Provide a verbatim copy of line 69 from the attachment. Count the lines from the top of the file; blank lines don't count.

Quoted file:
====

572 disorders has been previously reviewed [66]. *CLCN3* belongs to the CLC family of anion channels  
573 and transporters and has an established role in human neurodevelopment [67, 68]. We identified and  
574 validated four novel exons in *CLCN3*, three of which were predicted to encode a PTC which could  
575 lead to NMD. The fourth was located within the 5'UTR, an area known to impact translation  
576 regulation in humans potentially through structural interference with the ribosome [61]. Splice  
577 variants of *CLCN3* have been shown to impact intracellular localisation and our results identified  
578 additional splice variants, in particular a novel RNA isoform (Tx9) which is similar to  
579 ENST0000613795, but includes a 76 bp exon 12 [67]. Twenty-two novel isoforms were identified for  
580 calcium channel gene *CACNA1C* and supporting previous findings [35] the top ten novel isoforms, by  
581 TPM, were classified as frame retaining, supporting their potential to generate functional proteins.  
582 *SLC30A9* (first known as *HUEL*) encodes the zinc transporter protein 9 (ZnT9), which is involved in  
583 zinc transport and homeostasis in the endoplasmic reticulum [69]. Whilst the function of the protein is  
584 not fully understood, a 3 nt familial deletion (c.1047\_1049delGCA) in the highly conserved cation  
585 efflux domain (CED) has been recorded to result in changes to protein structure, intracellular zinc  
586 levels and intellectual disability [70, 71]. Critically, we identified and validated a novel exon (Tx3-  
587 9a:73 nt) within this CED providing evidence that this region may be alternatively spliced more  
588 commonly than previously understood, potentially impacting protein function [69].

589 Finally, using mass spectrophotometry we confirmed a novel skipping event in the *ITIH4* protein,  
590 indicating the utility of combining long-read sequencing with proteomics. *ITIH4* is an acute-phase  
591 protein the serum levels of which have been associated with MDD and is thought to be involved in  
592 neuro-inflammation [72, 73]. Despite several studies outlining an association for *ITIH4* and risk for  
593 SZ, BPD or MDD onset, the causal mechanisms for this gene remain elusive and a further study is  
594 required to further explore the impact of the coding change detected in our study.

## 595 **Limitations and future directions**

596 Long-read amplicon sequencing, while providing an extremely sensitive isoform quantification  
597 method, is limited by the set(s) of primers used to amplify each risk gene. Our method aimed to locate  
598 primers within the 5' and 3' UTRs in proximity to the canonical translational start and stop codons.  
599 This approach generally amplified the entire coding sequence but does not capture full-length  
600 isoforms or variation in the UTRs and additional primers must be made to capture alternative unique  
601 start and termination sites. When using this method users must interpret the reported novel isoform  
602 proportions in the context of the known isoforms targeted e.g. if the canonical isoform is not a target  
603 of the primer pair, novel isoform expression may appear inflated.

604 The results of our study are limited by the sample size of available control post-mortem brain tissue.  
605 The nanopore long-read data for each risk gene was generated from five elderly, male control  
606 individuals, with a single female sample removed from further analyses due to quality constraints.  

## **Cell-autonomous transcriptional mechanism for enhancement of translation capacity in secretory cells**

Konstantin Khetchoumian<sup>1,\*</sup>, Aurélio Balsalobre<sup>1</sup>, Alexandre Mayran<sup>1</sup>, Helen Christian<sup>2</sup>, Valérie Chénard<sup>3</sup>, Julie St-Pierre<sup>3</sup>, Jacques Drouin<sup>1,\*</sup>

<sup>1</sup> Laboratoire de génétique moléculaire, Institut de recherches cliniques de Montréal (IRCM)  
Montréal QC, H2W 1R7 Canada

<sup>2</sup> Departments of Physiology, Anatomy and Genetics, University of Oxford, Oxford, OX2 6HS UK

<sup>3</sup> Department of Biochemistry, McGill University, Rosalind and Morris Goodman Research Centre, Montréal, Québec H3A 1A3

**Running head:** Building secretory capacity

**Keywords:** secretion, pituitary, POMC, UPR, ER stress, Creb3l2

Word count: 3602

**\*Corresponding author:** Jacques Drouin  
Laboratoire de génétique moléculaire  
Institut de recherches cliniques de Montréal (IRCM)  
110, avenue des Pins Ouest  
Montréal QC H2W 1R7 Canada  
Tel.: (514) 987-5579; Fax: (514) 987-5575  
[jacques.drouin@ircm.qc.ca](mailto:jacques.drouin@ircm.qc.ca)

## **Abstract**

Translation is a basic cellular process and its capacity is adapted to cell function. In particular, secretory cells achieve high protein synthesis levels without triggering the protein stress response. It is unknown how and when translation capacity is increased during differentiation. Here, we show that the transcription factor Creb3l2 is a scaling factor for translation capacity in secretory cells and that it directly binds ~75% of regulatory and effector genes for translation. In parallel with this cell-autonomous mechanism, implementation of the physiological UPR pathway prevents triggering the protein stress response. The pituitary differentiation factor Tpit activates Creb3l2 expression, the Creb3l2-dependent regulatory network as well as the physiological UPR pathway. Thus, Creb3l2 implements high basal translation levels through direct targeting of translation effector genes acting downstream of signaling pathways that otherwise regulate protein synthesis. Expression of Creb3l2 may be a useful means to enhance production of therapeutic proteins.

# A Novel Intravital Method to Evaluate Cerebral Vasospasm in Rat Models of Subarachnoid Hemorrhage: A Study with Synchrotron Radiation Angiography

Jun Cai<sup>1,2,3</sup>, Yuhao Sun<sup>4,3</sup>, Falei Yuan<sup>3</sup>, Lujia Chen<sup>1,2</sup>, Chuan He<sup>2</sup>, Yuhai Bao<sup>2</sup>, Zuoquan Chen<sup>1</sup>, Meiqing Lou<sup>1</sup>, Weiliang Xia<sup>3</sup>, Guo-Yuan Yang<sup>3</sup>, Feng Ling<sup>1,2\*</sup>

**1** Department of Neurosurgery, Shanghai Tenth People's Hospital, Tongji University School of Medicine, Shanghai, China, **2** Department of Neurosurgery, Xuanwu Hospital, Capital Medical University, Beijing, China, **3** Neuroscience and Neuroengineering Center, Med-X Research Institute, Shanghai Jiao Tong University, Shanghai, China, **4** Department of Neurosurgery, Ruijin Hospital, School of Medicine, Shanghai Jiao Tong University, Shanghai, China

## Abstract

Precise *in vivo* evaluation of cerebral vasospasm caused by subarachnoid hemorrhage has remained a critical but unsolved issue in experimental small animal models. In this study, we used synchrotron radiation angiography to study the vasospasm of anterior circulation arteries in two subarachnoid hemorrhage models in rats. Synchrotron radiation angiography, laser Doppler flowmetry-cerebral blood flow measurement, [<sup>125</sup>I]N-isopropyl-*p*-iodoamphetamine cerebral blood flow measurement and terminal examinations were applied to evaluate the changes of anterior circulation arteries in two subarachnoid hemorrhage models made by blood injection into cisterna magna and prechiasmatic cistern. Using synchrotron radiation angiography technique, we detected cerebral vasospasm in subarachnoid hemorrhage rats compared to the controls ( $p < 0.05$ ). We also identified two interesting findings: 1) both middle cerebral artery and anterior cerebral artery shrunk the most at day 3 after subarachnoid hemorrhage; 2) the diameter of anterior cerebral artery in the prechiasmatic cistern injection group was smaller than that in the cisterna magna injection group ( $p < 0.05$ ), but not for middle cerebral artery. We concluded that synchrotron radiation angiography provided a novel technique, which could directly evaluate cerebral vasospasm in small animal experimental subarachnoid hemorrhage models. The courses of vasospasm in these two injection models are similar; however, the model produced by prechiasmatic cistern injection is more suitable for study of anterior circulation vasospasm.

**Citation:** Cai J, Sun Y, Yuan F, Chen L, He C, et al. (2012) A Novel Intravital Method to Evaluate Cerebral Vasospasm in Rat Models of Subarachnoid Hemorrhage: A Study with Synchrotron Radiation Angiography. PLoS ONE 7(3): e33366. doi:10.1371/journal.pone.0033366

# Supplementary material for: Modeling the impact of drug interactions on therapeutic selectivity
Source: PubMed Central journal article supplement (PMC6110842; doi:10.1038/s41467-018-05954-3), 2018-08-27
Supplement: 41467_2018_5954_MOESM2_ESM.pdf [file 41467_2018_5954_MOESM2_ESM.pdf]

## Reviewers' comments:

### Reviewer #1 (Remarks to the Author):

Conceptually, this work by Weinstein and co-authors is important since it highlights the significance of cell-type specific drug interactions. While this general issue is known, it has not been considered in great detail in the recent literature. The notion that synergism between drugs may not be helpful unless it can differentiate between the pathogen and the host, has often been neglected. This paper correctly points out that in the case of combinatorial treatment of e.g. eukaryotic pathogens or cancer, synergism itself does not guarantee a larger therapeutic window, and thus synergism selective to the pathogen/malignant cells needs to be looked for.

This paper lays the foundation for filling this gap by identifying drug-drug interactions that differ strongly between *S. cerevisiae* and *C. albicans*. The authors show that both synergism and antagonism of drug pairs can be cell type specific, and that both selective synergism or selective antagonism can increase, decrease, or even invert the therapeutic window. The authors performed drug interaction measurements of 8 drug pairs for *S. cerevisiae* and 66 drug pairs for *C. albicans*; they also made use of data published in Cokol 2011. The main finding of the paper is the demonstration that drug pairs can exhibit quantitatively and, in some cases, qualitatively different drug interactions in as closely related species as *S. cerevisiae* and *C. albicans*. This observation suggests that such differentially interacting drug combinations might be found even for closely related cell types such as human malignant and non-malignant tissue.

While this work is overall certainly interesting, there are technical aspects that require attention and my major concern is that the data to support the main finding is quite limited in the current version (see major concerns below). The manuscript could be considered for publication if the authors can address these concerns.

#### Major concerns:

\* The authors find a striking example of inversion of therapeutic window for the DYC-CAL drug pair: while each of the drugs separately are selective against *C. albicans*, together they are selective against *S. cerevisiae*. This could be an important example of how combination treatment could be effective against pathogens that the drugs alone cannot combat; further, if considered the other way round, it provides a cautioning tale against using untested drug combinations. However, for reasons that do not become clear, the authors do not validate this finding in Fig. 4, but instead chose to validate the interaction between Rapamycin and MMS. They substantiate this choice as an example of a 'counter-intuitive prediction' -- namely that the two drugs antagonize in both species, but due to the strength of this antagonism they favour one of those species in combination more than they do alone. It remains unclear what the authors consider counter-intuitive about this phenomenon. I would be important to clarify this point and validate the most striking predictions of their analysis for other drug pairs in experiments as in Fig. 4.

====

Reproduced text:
\* The authors find a striking example of inversion of therapeutic window for the DYC-CAL drug pair: while each of the drugs separately are selective against *C. albicans*, together they are selective against *S. cerevisiae*. This could be an important example of how combination treatment could be effective against pathogens that the drugs alone cannot combat; further, if considered the other way round, it provides a cautioning tale against using untested drug combinations. However, for reasons that do not become clear, the authors do not validate this finding in Fig. 4, but instead chose to validate the interaction between Rapamycin and MMS. They substantiate this choice as an example of a 'counter-intuitive prediction' -- namely that the two drugs antagonize in both species, but due to the strength of this antagonism they favour one of those species in combination more than they do alone. It remains unclear what the authors consider counter-intuitive about this phenomenon. I would be important to clarify this point and validate the most striking predictions of their analysis for other drug pairs in experiments as in Fig. 4.